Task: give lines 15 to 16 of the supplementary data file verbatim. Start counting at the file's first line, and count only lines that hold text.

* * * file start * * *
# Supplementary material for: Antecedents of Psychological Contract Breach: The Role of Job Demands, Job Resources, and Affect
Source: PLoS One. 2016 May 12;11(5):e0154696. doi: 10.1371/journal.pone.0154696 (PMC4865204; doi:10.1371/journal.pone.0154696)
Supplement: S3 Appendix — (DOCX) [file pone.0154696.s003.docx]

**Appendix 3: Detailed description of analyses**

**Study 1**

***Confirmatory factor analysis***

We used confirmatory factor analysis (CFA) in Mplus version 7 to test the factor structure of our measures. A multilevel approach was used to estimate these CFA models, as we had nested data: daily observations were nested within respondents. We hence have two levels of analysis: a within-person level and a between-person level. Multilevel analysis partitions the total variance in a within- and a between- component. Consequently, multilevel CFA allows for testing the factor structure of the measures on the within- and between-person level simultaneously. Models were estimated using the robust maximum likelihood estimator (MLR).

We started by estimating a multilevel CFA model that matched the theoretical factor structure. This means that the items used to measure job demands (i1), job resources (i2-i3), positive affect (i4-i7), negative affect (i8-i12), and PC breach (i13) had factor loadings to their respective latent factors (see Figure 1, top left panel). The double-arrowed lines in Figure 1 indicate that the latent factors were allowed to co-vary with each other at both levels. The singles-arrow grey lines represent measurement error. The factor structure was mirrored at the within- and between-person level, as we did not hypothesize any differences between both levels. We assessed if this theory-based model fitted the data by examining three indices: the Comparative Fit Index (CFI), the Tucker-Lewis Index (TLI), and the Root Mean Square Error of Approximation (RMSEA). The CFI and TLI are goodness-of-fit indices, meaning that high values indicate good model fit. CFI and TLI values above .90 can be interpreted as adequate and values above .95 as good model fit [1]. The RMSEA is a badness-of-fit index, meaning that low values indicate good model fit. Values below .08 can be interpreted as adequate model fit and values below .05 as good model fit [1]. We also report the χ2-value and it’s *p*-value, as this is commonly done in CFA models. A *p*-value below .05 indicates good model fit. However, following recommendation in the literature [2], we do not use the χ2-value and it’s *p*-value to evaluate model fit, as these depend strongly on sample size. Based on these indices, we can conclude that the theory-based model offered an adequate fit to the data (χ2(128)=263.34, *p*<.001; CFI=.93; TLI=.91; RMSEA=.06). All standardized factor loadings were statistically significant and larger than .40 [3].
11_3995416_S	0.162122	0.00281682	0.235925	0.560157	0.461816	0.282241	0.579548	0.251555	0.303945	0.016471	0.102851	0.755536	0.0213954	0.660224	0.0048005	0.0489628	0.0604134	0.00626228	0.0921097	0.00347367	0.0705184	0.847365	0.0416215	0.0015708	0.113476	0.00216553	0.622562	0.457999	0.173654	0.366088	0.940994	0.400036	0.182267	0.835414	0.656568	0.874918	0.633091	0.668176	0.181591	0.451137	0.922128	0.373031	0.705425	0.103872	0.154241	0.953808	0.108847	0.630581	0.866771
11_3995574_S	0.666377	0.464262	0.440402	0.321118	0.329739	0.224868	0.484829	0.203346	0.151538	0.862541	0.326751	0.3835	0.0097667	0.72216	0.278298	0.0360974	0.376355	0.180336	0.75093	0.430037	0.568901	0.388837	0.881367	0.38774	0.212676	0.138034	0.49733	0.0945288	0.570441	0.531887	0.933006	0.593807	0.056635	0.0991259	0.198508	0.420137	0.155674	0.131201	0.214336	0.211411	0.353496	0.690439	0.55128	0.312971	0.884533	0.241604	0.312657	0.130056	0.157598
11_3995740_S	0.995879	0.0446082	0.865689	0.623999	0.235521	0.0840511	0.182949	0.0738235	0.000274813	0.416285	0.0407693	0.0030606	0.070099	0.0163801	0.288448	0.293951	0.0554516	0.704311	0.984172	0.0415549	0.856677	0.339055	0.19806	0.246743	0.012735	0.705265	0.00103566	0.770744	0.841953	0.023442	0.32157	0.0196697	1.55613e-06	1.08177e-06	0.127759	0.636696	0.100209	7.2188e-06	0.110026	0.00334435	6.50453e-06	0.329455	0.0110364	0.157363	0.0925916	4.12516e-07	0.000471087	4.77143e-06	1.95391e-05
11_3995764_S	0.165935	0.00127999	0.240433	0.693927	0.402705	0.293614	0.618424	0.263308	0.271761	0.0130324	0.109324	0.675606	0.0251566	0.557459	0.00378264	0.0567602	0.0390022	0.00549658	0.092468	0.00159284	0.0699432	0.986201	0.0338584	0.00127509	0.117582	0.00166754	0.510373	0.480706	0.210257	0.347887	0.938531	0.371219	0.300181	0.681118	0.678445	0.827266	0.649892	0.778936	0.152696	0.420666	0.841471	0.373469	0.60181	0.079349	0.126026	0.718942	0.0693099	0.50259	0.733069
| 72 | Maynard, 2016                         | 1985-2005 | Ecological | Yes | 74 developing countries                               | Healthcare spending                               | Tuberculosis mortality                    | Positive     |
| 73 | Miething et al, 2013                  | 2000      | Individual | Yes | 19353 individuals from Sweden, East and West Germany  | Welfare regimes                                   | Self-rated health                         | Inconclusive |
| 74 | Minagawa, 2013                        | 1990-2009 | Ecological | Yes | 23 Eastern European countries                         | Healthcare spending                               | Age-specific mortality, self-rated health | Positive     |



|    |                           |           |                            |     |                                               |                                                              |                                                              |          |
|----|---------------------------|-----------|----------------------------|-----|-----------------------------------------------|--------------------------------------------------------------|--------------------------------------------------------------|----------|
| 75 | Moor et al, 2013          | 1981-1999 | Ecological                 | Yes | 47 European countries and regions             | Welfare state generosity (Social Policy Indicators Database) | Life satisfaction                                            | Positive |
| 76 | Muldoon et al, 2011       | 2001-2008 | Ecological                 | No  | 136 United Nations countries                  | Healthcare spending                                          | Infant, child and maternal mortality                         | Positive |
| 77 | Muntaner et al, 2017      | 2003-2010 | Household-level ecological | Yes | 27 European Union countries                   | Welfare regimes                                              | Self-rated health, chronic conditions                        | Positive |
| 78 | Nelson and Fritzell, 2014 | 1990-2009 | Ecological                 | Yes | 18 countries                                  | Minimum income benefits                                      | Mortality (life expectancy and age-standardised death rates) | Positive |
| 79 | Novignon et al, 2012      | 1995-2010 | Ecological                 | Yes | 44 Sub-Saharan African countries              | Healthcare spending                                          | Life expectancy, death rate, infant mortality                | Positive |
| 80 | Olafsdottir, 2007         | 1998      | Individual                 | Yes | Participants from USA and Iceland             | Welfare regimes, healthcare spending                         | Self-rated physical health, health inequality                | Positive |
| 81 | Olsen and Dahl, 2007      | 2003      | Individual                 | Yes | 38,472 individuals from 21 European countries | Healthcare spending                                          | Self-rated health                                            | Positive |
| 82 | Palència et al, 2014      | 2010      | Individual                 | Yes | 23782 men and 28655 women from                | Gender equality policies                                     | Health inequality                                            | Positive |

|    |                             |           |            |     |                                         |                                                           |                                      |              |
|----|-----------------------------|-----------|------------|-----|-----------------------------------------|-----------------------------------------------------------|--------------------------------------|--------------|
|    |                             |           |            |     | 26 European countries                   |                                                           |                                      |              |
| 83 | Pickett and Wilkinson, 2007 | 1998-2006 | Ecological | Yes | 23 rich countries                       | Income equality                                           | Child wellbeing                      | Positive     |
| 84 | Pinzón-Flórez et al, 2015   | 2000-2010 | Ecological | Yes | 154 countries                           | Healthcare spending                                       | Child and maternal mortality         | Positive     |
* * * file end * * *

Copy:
| 74 | Minagawa, 2013                        | 1990-2009 | Ecological | Yes | 23 Eastern European countries                         | Healthcare spending                               | Age-specific mortality, self-rated health | Positive     |



|    |                           |           |                            |     |                                               |                                                              |                                                              |          |